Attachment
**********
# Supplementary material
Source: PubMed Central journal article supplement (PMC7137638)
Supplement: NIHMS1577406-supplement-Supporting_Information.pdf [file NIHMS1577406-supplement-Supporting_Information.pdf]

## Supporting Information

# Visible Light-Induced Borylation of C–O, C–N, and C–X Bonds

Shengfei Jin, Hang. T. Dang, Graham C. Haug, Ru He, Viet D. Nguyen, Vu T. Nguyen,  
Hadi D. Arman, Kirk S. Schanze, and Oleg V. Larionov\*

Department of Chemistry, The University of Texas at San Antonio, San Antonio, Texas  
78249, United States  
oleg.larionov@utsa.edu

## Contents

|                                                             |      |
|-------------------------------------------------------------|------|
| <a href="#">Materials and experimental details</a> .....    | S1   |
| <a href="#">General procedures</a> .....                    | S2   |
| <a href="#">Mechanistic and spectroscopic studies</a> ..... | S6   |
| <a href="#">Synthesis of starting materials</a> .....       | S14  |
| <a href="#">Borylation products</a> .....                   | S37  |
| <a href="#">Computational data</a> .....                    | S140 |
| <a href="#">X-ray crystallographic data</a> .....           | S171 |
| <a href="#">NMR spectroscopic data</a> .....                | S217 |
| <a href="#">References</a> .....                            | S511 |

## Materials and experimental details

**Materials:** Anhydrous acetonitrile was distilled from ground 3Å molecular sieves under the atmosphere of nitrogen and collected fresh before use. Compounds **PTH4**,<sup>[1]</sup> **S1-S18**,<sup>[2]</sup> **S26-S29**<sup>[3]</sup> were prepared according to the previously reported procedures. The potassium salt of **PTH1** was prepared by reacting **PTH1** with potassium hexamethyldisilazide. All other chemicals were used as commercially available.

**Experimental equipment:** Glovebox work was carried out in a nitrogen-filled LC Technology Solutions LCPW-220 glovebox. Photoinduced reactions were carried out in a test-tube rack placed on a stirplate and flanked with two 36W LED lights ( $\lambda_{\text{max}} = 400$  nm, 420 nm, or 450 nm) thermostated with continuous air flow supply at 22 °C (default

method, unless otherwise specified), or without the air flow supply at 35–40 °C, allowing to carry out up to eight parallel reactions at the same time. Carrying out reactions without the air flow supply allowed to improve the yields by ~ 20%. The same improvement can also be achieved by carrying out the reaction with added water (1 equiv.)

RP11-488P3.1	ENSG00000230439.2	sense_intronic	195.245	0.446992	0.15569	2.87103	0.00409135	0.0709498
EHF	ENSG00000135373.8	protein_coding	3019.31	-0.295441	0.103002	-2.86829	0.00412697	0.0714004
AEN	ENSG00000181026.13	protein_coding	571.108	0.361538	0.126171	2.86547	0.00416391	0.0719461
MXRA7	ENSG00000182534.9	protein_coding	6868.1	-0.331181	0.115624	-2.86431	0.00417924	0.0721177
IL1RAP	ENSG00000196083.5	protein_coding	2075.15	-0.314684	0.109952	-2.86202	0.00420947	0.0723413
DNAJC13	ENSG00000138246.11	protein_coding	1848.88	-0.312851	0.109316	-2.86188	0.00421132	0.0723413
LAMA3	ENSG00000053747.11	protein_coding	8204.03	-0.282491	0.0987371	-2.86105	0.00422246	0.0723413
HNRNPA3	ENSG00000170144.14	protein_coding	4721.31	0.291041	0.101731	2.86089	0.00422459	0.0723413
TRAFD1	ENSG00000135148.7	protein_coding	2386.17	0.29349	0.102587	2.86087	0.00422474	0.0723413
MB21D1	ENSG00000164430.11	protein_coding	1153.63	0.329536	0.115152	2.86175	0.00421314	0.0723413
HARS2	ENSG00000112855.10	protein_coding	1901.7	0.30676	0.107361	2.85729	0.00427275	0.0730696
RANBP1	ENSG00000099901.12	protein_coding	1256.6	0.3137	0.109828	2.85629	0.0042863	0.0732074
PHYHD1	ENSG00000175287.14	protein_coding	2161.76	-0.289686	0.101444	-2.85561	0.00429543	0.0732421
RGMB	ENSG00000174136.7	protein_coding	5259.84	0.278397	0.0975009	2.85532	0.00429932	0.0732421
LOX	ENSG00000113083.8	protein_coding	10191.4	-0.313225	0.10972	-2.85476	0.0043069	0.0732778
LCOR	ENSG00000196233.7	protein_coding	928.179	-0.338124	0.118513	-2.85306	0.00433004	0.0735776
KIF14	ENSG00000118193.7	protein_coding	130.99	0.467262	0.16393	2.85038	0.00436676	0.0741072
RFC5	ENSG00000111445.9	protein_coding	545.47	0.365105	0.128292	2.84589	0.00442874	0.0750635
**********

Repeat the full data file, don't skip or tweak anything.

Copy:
# Supplementary material
Source: PubMed Central journal article supplement (PMC7137638)
Supplement: NIHMS1577406-supplement-Supporting_Information.pdf [file NIHMS1577406-supplement-Supporting_Information.pdf]

## Supporting Information

# Visible Light-Induced Borylation of C–O, C–N, and C–X Bonds

Shengfei Jin, Hang. T. Dang, Graham C. Haug, Ru He, Viet D. Nguyen, Vu T. Nguyen,  
Hadi D. Arman, Kirk S. Schanze, and Oleg V. Larionov\*

Department of Chemistry, The University of Texas at San Antonio, San Antonio, Texas  
78249, United States  
oleg.larionov@utsa.edu

## Contents

|                                                             |      |
|-------------------------------------------------------------|------|
| <a href="#">Materials and experimental details</a> .....    | S1   |
| <a href="#">General procedures</a> .....                    | S2   |
| <a href="#">Mechanistic and spectroscopic studies</a> ..... | S6   |
| <a href="#">Synthesis of starting materials</a> .....       | S14  |
| <a href="#">Borylation products</a> .....                   | S37  |
| <a href="#">Computational data</a> .....                    | S140 |
| <a href="#">X-ray crystallographic data</a> .....           | S171 |
| <a href="#">NMR spectroscopic data</a> .....                | S217 |
| <a href="#">References</a> .....                            | S511 |

## Materials and experimental details

**Materials:** Anhydrous acetonitrile was distilled from ground 3Å molecular sieves under the atmosphere of nitrogen and collected fresh before use. Compounds **PTH4**,<sup>[1]</sup> **S1-S18**,<sup>[2]</sup> **S26-S29**<sup>[3]</sup> were prepared according to the previously reported procedures. The potassium salt of **PTH1** was prepared by reacting **PTH1** with potassium hexamethyldisilazide. All other chemicals were used as commercially available.

**Experimental equipment:** Glovebox work was carried out in a nitrogen-filled LC Technology Solutions LCPW-220 glovebox. Photoinduced reactions were carried out in a test-tube rack placed on a stirplate and flanked with two 36W LED lights ( $\lambda_{\text{max}} = 400$  nm, 420 nm, or 450 nm) thermostated with continuous air flow supply at 22 °C (default

method, unless otherwise specified), or without the air flow supply at 35–40 °C, allowing to carry out up to eight parallel reactions at the same time. Carrying out reactions without the air flow supply allowed to improve the yields by ~ 20%. The same improvement can also be achieved by carrying out the reaction with added water (1 equiv.)

RP11-488P3.1	ENSG00000230439.2	sense_intronic	195.245	0.446992	0.15569	2.87103	0.00409135	0.0709498
EHF	ENSG00000135373.8	protein_coding	3019.31	-0.295441	0.103002	-2.86829	0.00412697	0.0714004
AEN	ENSG00000181026.13	protein_coding	571.108	0.361538	0.126171	2.86547	0.00416391	0.0719461
MXRA7	ENSG00000182534.9	protein_coding	6868.1	-0.331181	0.115624	-2.86431	0.00417924	0.0721177
IL1RAP	ENSG00000196083.5	protein_coding	2075.15	-0.314684	0.109952	-2.86202	0.00420947	0.0723413
DNAJC13	ENSG00000138246.11	protein_coding	1848.88	-0.312851	0.109316	-2.86188	0.00421132	0.0723413
LAMA3	ENSG00000053747.11	protein_coding	8204.03	-0.282491	0.0987371	-2.86105	0.00422246	0.0723413
HNRNPA3	ENSG00000170144.14	protein_coding	4721.31	0.291041	0.101731	2.86089	0.00422459	0.0723413
TRAFD1	ENSG00000135148.7	protein_coding	2386.17	0.29349	0.102587	2.86087	0.00422474	0.0723413
MB21D1	ENSG00000164430.11	protein_coding	1153.63	0.329536	0.115152	2.86175	0.00421314	0.0723413
HARS2	ENSG00000112855.10	protein_coding	1901.7	0.30676	0.107361	2.85729	0.00427275	0.0730696
RANBP1	ENSG00000099901.12	protein_coding	1256.6	0.3137	0.109828	2.85629	0.0042863	0.0732074
PHYHD1	ENSG00000175287.14	protein_coding	2161.76	-0.289686	0.101444	-2.85561	0.00429543	0.0732421
RGMB	ENSG00000174136.7	protein_coding	5259.84	0.278397	0.0975009	2.85532	0.00429932	0.0732421
LOX	ENSG00000113083.8	protein_coding	10191.4	-0.313225	0.10972	-2.85476	0.0043069	0.0732778
LCOR	ENSG00000196233.7	protein_coding	928.179	-0.338124	0.118513	-2.85306	0.00433004	0.0735776
KIF14	ENSG00000118193.7	protein_coding	130.99	0.467262	0.16393	2.85038	0.00436676	0.0741072
RFC5	ENSG00000111445.9	protein_coding	545.47	0.365105	0.128292	2.84589	0.00442874	0.0750635